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The third week of January, and it seems about the right time to check in on how any New Year’s resolutions might be going. Me? Since you ask, I no longer make them. That is, I don’t necessarily make them at any particular time of year, put anything on paper, or announce anything to anyone. At my age (and if it’s true that you’re only as old as you feel, then I am 109), if I tell myself “I’m not doing that anymore” or “I will do this more often,” I tend to follow through without making a big deal out of it. I no longer make a point of trying to fool myself about much, even if that’s what I end up allowing to happen — if you follow my drift. We’re very clever with ourselves.

A case in point: this guy I knew from rehab a few months ago was smoking weed and selling joints to other guys in the program in exchange for use of their EBT or food-stamps card. He told me, “After the holidays I’m going to quit smoking pot; it’s making me forget everything.” I saw him two days ago on the number seven bus. I said hello and he peered at me with rabbity, bloodshot eyes. He didn’t remember me, he said, though we had shared an apartment for some weeks. As for his resolution? I wouldn’t bet the ranch on it, his eyes told me. Anyway, I resolved to stop gambling, and I don’t have a ranch.

That’s another one: easy resolutions, like mine, to stop gambling. I’ve never gotten any sort of kick — well, not longer than, say, 20 minutes — out of gambling. Even if I’m winning (and I’ve been fairly lucky in my limited experiences), I get bored very quickly. As an aside, I do find other compulsive or obsessive gamblers fairly interesting, such as the time, a million years ago, when I was playing in a country/Top 40 band in Las Vegas. Our set began at 2 a.m., and we played until 6 in the morning for a few rows of deuce cocktail tables full of alcoholic insomniacs and a revolving carousel in the middle of the lounge with one-armed bandits full of flashing lights instead of painted ponies and unicorns. What looked to be haggard and pale dentists with two days’ growth of beard and Western-style shirts came into view, working the slots and rotating past the stage slowly, their eyes like pinwheels, fixed and desperate. Next to them would be dental assistants or middle-aged female public school cafeteria workers, trailer housewives, or tollbooth attendants (I’m just guessing) with the same casino pallor, cigarettes at the edges of their lips, all of them in a mesmeric fugue state going round and round while we played “Proud Mary” or “Please Release Me.”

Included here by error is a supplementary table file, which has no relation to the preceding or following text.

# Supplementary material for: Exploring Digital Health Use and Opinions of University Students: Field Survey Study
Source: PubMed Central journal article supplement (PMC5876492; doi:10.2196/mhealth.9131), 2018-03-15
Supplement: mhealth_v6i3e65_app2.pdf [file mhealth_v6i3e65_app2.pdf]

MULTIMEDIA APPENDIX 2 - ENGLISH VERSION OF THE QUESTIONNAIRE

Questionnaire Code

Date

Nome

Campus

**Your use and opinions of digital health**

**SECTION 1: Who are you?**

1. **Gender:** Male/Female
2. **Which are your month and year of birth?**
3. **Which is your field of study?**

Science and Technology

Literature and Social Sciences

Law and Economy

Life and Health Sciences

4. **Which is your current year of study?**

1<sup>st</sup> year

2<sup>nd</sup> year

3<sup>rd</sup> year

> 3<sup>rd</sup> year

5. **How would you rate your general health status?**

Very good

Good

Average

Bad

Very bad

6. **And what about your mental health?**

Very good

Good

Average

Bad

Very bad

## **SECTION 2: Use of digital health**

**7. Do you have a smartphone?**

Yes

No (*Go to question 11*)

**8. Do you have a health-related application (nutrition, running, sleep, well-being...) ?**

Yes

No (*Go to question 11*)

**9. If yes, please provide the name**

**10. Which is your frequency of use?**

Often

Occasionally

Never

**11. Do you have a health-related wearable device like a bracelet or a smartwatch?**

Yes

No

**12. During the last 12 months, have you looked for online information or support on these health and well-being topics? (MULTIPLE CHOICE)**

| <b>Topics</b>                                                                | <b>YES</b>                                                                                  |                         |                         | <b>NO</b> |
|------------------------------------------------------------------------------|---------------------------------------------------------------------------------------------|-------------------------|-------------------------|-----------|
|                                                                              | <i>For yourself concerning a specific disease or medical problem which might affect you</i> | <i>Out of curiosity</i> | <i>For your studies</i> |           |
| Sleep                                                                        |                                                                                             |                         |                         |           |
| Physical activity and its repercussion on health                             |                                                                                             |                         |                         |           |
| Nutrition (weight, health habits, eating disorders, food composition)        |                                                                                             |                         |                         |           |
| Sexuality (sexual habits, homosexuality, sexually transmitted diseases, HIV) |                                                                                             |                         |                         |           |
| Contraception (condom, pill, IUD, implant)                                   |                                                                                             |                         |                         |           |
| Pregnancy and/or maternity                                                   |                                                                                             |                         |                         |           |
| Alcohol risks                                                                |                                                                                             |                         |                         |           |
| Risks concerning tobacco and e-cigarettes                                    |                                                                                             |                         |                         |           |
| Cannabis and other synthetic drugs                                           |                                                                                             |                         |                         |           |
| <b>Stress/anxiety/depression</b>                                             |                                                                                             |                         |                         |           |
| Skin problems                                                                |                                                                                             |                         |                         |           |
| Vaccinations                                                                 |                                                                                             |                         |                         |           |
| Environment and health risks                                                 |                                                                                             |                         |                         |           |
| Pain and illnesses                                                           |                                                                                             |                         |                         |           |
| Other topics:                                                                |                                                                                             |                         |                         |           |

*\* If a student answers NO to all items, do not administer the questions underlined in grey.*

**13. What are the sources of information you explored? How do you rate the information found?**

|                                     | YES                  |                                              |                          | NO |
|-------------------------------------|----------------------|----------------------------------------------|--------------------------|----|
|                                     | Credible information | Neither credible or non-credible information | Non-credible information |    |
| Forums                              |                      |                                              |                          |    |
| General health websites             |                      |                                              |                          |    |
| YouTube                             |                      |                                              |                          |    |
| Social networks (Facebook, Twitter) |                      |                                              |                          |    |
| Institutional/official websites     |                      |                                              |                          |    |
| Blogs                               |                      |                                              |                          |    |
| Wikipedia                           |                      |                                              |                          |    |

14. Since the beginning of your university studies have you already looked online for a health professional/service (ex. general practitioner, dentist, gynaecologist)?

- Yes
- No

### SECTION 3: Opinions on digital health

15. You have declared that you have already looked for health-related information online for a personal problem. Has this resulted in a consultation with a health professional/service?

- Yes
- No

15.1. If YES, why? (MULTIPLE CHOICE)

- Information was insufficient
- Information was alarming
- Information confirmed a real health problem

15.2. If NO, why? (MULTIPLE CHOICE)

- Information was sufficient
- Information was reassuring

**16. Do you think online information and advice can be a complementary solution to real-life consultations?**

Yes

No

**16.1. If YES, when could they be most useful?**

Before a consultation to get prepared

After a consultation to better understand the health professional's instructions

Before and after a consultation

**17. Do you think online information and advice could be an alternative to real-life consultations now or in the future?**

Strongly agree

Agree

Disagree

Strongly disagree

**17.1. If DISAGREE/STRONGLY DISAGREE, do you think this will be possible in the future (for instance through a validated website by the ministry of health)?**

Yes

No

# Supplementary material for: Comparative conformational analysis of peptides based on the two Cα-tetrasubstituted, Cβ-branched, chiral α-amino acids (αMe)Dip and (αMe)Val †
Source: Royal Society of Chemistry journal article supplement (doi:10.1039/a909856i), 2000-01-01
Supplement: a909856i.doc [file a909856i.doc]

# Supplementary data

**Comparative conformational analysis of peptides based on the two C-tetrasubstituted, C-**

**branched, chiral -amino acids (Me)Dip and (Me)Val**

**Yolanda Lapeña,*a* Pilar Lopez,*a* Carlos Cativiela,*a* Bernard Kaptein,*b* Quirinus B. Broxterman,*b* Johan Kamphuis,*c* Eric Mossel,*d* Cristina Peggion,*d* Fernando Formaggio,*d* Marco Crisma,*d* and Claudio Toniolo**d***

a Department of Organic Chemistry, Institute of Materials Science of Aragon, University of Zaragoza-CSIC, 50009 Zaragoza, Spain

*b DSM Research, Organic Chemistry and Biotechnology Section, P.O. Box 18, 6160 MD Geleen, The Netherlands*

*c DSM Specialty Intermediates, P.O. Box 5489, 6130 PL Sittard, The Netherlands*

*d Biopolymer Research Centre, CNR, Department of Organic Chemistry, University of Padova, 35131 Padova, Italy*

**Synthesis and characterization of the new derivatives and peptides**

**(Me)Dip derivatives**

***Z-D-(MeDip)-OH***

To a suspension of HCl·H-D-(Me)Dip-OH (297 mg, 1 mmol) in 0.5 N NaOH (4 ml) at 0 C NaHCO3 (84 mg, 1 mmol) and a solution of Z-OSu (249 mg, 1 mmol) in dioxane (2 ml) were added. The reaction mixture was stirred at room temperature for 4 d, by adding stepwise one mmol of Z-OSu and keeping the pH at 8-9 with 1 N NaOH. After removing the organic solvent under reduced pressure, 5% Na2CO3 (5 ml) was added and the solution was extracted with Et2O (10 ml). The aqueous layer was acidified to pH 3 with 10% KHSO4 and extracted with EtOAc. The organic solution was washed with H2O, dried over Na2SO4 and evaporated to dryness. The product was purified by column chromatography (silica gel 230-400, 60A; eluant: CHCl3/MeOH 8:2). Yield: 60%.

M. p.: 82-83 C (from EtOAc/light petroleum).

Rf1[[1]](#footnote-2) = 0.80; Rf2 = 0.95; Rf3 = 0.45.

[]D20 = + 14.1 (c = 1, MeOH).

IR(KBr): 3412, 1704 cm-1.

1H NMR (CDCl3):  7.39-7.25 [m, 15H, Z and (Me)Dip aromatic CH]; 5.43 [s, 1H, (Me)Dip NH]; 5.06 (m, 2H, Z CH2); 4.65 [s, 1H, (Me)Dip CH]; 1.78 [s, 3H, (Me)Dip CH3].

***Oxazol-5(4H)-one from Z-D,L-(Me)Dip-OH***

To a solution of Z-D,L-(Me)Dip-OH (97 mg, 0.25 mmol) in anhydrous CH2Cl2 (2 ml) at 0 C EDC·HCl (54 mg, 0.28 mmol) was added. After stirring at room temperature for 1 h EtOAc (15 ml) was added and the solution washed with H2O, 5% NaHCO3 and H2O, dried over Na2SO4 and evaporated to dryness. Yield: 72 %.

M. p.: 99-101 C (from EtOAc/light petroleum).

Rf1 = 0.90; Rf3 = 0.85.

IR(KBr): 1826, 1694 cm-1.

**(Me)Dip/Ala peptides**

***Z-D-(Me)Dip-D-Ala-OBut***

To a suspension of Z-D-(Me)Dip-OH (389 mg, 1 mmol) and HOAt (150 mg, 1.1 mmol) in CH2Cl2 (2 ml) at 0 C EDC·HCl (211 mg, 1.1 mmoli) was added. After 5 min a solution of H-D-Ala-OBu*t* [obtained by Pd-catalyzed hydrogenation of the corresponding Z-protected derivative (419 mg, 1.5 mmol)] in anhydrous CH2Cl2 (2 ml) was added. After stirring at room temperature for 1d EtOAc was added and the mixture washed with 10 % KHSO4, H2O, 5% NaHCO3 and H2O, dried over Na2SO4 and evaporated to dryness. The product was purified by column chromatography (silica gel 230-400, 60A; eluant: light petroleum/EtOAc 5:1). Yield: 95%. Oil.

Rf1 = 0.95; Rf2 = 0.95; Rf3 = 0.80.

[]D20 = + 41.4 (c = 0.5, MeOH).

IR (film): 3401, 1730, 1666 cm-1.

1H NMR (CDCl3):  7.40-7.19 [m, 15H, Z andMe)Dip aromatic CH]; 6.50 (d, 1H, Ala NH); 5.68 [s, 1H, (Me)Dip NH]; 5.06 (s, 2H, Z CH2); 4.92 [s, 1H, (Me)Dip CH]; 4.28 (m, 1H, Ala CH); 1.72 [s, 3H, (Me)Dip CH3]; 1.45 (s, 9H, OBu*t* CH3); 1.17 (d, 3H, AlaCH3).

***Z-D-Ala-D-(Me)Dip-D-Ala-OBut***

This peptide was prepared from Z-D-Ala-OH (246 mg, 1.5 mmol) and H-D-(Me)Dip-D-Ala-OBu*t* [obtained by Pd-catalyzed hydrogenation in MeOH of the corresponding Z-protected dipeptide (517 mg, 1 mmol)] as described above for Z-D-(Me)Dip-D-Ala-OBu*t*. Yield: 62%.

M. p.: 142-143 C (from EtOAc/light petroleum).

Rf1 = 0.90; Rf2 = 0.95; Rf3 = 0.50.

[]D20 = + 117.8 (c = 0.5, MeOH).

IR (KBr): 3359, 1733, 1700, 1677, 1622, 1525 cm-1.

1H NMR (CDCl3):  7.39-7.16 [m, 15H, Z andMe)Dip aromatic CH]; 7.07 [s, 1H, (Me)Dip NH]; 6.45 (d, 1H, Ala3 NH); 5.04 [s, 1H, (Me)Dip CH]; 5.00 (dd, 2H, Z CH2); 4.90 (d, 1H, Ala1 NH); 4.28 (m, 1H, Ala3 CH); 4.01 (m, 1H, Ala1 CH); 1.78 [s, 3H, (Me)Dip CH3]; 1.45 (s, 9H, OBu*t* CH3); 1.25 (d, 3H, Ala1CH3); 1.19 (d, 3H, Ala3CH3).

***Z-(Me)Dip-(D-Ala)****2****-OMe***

Other easy resolutions might be to do more of something you enjoy or less of something that makes you feel crappy. This is something Catholic schoolchildren catch on to early at the start of the Lent season. I see nothing wrong with this. In the case of the second thing, doing less, I resolved years ago to throw fewer tantrums. I always felt lousy afterward, anyway, and found that alternative behavior offered less wear-and-tear. I could then reward myself for the new behavior by doing more of something I enjoy, justifying it under the heading of self-esteem, being my own best friend or whatever popular self-help phrase was in vogue at the time. If the thing I enjoyed was, say, chocolate or booze or masturbation, I would just be set up for another cycle of workable resolutions.

As I said, I no longer officially resolve to do or not do anything as of a certain time of year. I did get the one-day-at-a-time thing down in rehab, though some days I’m more successful at it than others. Fooling myself any more than necessary (i.e., telling myself I’ll live to be, say, 80) seems alternately insulting to the part of me that I assume to be so stupid or so pointless in that I’ve gotten quite a bit sorrier but wiser when it comes to pulling the wool over my own eyes. (I must reread this bit immediately because I suspect there is some sense in it.)

This year my son resolved to drink less soda and more juice or water. This is an acceptable kind of resolution in that failure does not have grievous consequences. That is why my resolve to be a better person is not a 2011 thing. It’s more of a whatever-day-it-is-today kind of thing, and failure isn’t permanent.

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Comments
2

HST with a guitar. Nice work by the Graphics Dept monkey.

Jan. 19, 2011

I think they goof this stuff on purpose. Just a hunch ;)

Jan. 19, 2011